Fans often ask me about what I liked to read when I was young and which books and authors have influenced my writing over the years. When I was a kid, books were my world. My imagination was already in overdrive so reading about chasing bad guys and fighting off monsters just added fuel to the fire. While I was a thriller reader first and foremost, some of my other favorite books and writers might come as a surprise.
Trevanian’s Shibumi will always hold one of my top spots for favorite spy books. At the time, I was reading a lot of serious characters but Nicholai Hel’s over-the-top personality and quirky humor in a genre that was largely devoid of laughs turned me into a fan from the outset. I think of Trevanian every time I add something funny to my books.
The Cardinal of the Kremlin
In my mind, Tom Clancy was the man and The Cardinal of the Kremlin is a nearly perfect thriller. I was fascinated by the complexities of the Soviet era and voraciously read every book on that subject that I could find. Tom’s dedication to realism and exhaustive research set the benchmark that I, and my peers, still chase today. Clearly, I’m still influenced by Tom and that era because Red War, my upcoming Rapp thriller, revolves around Russia.
Anything Stephen King
I was a huge King fan and loved letting him terrify me as I read under the covers when I was supposed to be asleep. I remember tearing through Salem’s Lot when it came out in hardback so I would have been around 8 or 9 years old. Oddly, my parents had no problem with me reading adult fiction at this age, but balked at me watching shows like Starsky & Hutch. I’ve always admired (and tried to emulate) how King can make a slice of everyday life go so wrong so fast.
I couldn’t put down James Clavell’s epic samurai story and ended up needing to get an extension on my 7th grade book report. Who knew there was a Book Two? What teenage boy wouldn’t want to immerse himself in a world of fearless swordsmen and beautiful women battling for power, honor, and love? Clavell taught me that classic story setups always appeal. In this case a fish-out-of-water scenario, which continues to be one of the best plot devices around.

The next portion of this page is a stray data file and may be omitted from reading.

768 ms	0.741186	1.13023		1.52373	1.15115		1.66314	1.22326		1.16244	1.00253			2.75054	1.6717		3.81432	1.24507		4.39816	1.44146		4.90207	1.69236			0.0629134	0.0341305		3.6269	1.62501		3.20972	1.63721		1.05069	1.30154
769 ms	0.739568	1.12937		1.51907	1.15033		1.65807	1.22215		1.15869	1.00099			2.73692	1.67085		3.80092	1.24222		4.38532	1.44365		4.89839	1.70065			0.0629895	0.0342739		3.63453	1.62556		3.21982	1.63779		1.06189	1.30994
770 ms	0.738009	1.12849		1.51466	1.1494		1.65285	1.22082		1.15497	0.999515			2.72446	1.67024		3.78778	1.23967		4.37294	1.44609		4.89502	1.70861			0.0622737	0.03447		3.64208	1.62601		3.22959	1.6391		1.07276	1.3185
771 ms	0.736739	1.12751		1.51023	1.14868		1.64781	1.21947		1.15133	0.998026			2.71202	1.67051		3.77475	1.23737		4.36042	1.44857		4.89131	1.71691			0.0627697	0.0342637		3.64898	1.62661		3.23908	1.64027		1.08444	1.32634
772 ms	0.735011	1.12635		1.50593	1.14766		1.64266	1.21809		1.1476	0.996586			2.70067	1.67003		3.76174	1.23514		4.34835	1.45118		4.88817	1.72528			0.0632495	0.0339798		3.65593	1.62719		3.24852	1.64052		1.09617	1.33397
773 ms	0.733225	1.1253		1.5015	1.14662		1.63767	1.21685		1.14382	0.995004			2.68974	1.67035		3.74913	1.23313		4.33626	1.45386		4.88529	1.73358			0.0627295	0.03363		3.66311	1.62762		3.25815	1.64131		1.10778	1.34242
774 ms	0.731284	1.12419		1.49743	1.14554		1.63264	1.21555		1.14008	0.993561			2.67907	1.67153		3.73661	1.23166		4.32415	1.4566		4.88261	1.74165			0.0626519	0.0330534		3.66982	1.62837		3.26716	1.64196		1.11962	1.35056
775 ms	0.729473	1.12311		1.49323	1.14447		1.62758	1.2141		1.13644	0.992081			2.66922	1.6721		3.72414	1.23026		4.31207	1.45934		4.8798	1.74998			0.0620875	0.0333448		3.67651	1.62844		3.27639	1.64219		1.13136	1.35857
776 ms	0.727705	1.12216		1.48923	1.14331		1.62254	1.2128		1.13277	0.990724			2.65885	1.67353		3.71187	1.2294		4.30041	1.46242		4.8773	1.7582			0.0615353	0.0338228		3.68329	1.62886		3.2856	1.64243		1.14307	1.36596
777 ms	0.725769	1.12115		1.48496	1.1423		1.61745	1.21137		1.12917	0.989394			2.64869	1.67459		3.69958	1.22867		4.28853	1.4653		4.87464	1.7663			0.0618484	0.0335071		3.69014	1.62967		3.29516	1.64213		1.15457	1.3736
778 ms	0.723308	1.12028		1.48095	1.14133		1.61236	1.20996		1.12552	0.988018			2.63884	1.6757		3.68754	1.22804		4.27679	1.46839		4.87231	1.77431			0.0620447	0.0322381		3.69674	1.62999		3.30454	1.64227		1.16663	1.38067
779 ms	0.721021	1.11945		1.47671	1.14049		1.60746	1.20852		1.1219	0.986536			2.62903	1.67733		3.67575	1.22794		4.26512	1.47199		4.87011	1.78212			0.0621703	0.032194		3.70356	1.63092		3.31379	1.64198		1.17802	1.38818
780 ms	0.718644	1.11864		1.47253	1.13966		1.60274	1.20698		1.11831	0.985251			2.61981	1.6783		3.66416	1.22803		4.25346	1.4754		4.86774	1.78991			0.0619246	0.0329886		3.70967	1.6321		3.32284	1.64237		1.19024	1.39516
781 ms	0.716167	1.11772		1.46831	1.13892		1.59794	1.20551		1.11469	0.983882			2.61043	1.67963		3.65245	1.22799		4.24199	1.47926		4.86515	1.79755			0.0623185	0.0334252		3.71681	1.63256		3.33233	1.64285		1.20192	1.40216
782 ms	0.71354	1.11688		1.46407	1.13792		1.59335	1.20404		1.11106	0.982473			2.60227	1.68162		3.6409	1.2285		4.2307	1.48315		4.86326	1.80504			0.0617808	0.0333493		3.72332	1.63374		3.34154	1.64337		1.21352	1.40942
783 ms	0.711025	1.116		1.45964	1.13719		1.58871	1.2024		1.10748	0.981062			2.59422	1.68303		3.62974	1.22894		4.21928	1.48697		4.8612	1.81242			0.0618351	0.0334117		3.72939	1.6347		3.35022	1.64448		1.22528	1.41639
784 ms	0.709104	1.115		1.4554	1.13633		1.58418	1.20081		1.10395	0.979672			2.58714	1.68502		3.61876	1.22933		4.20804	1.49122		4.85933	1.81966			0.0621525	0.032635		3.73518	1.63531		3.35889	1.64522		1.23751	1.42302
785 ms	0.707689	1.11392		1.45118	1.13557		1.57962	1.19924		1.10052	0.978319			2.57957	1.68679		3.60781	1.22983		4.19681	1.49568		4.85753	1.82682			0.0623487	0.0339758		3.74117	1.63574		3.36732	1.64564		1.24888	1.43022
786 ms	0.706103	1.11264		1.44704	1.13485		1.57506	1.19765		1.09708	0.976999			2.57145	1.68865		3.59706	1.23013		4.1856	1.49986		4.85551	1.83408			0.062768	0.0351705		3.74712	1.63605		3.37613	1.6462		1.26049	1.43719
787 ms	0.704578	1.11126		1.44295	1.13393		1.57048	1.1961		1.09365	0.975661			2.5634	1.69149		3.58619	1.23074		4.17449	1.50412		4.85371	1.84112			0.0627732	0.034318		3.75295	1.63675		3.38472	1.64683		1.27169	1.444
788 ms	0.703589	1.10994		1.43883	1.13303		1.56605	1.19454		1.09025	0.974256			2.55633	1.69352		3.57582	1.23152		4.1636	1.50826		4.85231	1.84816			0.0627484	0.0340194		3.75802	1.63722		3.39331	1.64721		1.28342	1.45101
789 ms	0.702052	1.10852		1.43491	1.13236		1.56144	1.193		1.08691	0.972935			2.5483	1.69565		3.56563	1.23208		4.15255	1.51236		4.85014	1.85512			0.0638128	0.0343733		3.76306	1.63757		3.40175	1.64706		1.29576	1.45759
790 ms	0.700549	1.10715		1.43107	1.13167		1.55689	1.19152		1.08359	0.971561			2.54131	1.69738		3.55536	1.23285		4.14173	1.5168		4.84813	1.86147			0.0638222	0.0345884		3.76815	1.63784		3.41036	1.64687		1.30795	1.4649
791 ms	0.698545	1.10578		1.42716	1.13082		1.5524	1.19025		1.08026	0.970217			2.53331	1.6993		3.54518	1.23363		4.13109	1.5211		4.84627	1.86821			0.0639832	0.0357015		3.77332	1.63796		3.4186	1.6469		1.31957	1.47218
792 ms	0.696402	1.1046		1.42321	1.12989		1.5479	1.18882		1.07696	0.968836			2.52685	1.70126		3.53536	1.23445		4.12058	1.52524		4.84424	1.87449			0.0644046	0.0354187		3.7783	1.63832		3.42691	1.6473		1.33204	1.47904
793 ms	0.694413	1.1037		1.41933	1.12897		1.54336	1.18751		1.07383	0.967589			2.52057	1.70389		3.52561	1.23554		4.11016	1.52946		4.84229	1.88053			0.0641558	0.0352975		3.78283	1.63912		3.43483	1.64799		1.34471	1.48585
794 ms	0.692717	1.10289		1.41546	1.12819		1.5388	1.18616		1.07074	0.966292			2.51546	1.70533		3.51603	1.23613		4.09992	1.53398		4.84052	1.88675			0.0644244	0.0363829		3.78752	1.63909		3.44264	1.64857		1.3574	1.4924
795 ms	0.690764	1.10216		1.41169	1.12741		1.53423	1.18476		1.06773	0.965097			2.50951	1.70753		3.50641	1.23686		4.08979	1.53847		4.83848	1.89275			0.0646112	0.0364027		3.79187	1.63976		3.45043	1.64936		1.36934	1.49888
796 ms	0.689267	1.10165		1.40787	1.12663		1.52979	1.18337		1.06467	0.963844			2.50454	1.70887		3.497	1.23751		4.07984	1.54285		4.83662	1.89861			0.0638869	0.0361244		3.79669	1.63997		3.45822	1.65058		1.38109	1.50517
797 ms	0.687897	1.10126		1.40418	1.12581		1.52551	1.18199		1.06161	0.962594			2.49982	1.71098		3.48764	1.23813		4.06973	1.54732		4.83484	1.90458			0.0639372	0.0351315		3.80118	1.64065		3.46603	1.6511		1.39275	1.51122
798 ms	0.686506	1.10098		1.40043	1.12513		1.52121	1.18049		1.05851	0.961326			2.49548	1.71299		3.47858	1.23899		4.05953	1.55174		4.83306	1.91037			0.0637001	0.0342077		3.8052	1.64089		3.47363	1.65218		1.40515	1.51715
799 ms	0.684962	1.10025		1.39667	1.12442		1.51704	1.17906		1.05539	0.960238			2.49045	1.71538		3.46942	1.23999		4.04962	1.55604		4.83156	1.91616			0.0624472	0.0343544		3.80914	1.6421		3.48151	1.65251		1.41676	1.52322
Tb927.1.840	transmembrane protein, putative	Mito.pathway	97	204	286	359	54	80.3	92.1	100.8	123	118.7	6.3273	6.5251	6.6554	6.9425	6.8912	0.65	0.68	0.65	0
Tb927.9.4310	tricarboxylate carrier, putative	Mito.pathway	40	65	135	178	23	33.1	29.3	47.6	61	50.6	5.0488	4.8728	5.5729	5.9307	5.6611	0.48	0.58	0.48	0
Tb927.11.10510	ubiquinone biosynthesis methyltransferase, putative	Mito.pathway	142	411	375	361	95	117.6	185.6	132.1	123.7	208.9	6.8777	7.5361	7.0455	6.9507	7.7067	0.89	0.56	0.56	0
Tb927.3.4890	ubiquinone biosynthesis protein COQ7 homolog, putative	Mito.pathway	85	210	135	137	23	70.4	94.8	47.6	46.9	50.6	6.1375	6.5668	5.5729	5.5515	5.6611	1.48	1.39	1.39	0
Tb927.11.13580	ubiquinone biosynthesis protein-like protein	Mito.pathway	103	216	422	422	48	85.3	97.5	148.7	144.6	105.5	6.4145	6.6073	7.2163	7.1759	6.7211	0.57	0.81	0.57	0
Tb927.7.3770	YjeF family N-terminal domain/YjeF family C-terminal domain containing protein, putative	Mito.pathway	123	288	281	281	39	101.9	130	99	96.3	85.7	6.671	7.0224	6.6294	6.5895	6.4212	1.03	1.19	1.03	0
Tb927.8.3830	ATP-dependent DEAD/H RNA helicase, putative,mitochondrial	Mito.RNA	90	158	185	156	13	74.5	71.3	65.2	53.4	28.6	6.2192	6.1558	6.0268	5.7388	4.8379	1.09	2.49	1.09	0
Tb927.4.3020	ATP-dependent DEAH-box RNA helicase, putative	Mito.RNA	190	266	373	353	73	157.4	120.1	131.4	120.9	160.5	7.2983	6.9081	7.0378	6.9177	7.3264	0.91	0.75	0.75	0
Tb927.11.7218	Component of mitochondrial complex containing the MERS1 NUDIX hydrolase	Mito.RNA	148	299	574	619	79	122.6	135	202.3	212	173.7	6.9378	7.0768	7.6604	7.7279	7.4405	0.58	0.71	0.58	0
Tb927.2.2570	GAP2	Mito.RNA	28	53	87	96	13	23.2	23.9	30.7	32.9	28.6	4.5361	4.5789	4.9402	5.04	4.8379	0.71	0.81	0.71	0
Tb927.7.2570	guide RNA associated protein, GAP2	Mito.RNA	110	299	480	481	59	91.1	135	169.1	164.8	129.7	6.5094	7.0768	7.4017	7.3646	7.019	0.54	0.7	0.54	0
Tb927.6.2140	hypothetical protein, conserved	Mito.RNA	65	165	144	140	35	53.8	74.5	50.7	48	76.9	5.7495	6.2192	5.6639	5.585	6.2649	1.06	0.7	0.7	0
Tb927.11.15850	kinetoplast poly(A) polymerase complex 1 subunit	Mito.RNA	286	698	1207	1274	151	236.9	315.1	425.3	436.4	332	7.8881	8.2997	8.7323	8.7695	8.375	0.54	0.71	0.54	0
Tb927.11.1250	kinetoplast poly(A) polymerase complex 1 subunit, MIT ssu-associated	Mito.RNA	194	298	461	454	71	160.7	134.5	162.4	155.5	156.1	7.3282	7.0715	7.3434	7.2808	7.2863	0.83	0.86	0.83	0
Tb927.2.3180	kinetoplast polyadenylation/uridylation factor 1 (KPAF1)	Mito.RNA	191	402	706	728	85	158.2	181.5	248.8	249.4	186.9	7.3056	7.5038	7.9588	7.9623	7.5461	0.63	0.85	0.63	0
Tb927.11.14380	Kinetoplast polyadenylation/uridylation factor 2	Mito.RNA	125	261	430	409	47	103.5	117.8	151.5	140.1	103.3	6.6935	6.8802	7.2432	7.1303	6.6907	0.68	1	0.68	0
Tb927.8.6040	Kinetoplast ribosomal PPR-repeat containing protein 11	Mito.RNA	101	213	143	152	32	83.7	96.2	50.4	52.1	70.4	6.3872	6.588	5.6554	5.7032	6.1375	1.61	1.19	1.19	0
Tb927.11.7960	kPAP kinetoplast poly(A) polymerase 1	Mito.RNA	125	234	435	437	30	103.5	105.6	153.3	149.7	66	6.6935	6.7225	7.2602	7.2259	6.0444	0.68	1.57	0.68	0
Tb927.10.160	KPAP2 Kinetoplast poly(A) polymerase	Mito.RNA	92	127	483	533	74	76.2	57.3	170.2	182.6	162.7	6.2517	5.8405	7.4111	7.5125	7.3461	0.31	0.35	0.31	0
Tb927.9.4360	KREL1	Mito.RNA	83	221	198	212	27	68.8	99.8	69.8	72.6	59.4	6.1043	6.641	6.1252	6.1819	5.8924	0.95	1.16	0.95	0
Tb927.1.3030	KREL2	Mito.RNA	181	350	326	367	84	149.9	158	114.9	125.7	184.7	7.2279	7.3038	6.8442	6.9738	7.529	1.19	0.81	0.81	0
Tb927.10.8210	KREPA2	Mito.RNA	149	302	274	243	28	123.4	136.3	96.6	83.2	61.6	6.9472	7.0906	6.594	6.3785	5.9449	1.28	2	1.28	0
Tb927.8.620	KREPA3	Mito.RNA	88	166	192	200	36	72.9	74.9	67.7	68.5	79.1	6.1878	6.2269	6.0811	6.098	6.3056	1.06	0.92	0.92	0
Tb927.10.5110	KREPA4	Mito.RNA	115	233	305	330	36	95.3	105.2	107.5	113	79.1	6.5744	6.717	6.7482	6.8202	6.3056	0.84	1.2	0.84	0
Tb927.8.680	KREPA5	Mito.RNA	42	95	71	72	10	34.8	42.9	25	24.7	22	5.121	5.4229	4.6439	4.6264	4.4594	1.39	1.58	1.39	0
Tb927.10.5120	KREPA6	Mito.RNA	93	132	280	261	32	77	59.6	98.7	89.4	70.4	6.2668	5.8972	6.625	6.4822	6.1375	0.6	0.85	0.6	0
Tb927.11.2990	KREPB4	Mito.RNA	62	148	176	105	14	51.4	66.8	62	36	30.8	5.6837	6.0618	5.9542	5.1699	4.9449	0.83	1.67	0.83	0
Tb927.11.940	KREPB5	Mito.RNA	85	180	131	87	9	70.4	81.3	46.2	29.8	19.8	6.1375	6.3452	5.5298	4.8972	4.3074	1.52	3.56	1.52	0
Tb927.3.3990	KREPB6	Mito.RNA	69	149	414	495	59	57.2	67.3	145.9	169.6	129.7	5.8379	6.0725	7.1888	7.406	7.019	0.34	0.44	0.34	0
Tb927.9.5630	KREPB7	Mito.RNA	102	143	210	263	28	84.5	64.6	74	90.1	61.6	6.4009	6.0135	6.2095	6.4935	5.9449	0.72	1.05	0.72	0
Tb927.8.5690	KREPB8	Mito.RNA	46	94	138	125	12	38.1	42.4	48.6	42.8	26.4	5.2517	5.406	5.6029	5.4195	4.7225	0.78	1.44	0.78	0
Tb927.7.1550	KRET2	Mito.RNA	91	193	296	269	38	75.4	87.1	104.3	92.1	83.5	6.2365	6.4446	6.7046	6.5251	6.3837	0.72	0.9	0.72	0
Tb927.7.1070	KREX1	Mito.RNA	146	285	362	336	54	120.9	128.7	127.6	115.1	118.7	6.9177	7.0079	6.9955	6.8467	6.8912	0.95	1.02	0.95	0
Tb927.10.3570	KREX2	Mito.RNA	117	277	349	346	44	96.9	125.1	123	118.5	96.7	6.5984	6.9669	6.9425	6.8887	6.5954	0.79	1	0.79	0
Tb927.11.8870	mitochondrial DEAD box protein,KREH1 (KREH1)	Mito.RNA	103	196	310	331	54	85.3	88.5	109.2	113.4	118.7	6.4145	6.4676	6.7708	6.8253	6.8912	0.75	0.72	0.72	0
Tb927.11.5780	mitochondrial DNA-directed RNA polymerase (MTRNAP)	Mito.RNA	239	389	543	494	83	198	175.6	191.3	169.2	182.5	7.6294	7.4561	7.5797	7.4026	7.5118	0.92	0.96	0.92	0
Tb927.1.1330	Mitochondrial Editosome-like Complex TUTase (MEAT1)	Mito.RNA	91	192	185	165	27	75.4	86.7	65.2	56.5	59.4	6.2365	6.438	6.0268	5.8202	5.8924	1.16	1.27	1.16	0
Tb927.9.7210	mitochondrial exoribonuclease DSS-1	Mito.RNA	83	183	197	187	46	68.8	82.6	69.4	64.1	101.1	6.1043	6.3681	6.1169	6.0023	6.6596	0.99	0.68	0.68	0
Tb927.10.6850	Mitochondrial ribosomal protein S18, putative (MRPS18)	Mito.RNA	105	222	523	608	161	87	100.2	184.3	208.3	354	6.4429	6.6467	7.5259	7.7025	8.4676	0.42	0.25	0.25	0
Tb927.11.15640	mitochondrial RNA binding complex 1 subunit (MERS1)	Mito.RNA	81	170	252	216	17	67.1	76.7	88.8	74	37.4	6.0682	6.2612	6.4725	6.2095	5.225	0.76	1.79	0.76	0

The Boxcar Children Mysteries
When I was just learning to read, this series really spoke to me. The independence. The courage. The resourcefulness and loyalty. Not only did it convince me that fearlessness was the only way to live, but what I learned from these kids flows into every hero I write. If you think about it, there’s a pretty straight line from the children living in that boxcar to Mitch, Irene, and Scott.
Mary Shelley’s portrait of the complexity of human relationships still feels relevant today and did a lot to shape me as a novelist. No one is completely good and no one is completely evil. Every character is the hero of his or her own book. While I’ve moved away from this kind of ambiguity in the Rapp books, it was something I loved to play with in my own novels. The best antagonists are ones who we identify with on some level—even if it’s in the darkest recesses of our hearts.
A Modest Proposal
People know Jonathan Swift for Gulliver’s Travels, but it was his essay A Modest Proposal that got me going on Rising Phoenix, my first novel. Writing 300 years ago, he made the tongue-in-cheek observation that the poor could improve their economic situation by selling their children for food to the rich. In a similar vein, my novel wondered if we could stop the use of narcotics by poisoning the supply.
1984 and Animal Farm
George Orwell’s work did a lot to shape my worldview, and I find myself quoting 1984 more often than I’d like. Orwell’s observations still feel clairvoyant more than half a century later. If you read Animal Farm today, you can put a current face to every inhabitant of that barnyard.